Nonprofit news roundup for July 15, 2008

American Enterprise names new chief

The American Enterprise Institute, a conservative think tank, named Arthur C. Brooks, a professor of business and government at Syracuse University, as the its first new president in 22 years, The New York Times reported July 15 (see American Enterprise Institute story). Brooks takes the helm on January 1 at the institute, which the Times says has had more influence with the Bush White House than any other research group.

Colombian hostage rescue may endanger aid workers

The Colombian military’s recent rescue of 15 hostages, conducted while rescuers were disguised as humanitarian aid workers, may make life more dangerous for legitimate humanitarian aid groups in the region, MinnPost reported July 10 (see Colombian hostages story). The safety of humanitarian workers frequently depends on the perceived impartiality of their relief work.

McCain yet to offer national service plan

Republican presidential candidate John McCain has yet to offer any proposals to transform or expand national service, Ben Adler said in a blog  at Politico July 13 (see McCain service plan story). Both McCain and Democratic candidate Barack Obama support expanding the Bush administration’s faith-based initiative, an expansion Obama has detailed in a comprehensive plan in recent weeks, but McCain differs from Obama in his position that religious groups receiving federal dollars should be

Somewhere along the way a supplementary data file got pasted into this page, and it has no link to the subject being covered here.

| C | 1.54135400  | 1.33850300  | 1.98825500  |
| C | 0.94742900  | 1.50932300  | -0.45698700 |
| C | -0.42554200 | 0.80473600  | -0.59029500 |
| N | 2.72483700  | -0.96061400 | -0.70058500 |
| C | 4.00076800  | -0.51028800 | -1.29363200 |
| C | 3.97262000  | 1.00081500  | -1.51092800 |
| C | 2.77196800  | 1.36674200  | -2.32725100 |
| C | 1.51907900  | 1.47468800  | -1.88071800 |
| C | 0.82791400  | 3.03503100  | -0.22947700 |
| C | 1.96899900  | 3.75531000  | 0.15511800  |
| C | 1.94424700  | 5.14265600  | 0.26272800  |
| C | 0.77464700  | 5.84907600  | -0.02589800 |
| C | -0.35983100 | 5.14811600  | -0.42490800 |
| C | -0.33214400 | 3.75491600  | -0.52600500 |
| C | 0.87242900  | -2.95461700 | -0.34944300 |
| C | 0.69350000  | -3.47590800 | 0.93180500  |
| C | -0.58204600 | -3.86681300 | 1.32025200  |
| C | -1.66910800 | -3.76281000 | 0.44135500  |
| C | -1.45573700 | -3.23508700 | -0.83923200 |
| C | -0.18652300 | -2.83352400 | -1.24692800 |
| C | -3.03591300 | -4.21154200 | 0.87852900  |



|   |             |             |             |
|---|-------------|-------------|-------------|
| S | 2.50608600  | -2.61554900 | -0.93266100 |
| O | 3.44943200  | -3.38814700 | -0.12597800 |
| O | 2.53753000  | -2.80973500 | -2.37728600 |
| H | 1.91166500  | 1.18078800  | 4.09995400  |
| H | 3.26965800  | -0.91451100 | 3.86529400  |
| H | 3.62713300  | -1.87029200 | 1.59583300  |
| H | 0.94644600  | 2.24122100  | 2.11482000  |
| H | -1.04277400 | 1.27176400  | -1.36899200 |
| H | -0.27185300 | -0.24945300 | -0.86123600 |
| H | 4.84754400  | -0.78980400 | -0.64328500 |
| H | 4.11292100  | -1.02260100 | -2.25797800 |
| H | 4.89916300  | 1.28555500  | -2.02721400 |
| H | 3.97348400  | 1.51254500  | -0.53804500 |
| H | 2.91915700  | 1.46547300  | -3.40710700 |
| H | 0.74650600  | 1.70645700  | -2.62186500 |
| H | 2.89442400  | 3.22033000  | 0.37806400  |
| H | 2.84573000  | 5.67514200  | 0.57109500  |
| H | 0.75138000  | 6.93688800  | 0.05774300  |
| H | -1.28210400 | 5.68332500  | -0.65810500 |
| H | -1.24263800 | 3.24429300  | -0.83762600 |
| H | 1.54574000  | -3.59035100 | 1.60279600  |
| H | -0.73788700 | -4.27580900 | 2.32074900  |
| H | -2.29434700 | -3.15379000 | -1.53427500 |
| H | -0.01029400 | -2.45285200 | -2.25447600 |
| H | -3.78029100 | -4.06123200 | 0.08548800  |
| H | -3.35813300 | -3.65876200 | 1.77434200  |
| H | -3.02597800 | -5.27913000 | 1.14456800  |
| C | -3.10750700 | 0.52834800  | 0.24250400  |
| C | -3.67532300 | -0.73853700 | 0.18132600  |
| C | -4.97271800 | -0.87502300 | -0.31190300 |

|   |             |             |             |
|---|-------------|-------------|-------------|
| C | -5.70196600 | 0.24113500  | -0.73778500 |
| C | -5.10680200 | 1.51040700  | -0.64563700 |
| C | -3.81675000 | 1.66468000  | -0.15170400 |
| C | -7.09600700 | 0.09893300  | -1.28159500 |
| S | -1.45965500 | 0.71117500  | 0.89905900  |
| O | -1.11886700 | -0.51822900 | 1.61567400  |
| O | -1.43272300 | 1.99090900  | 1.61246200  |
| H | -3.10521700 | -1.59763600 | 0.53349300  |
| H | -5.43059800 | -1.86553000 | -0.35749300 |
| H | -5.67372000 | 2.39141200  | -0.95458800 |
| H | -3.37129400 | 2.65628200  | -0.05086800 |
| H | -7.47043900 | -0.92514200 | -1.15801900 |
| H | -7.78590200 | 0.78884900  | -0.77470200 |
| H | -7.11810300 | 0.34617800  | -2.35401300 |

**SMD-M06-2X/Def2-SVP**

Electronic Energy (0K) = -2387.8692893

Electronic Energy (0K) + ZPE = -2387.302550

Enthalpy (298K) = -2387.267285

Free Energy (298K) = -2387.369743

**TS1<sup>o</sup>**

allowed to consider a prospective employee’s faith in hiring, The Denver Post reported July 13 (see faith-based hiring story).

School fundraisers go green with a little help

A handful of entrepreneurs are offering ecologically-friendly products for kids and parents to sell for school fundraisers, The Wall Street Journal reported July 15 (see school fundraiser story). From recycled wrapping paper to fair-trade coffee, groups like Greenraising and Green Students Fundraising Ltd. help schools teach kids to be environmentally conscious while raising more money from eco-friendly moms.

In Brief:

* Oil and gas billionaire David H. Koch contributed $100 million to the renovation of the New York State Theater, The New York Times reported July 10.

* The head of Our Unsung Heroes, a charity that arranged trips to Washington, D.C., for World War II veterans, has been bound over for trial facing accusations of mismanagement of donations, The Deseret News reported July 9.

* A national clothing drive that encourages young people to post strip-tease videos of themselves as a way of soliciting donations for homeless youth has run into a firestorm of protest from the groups it is supposed to benefit, The Minneapolis Star Tribune reported July 13.

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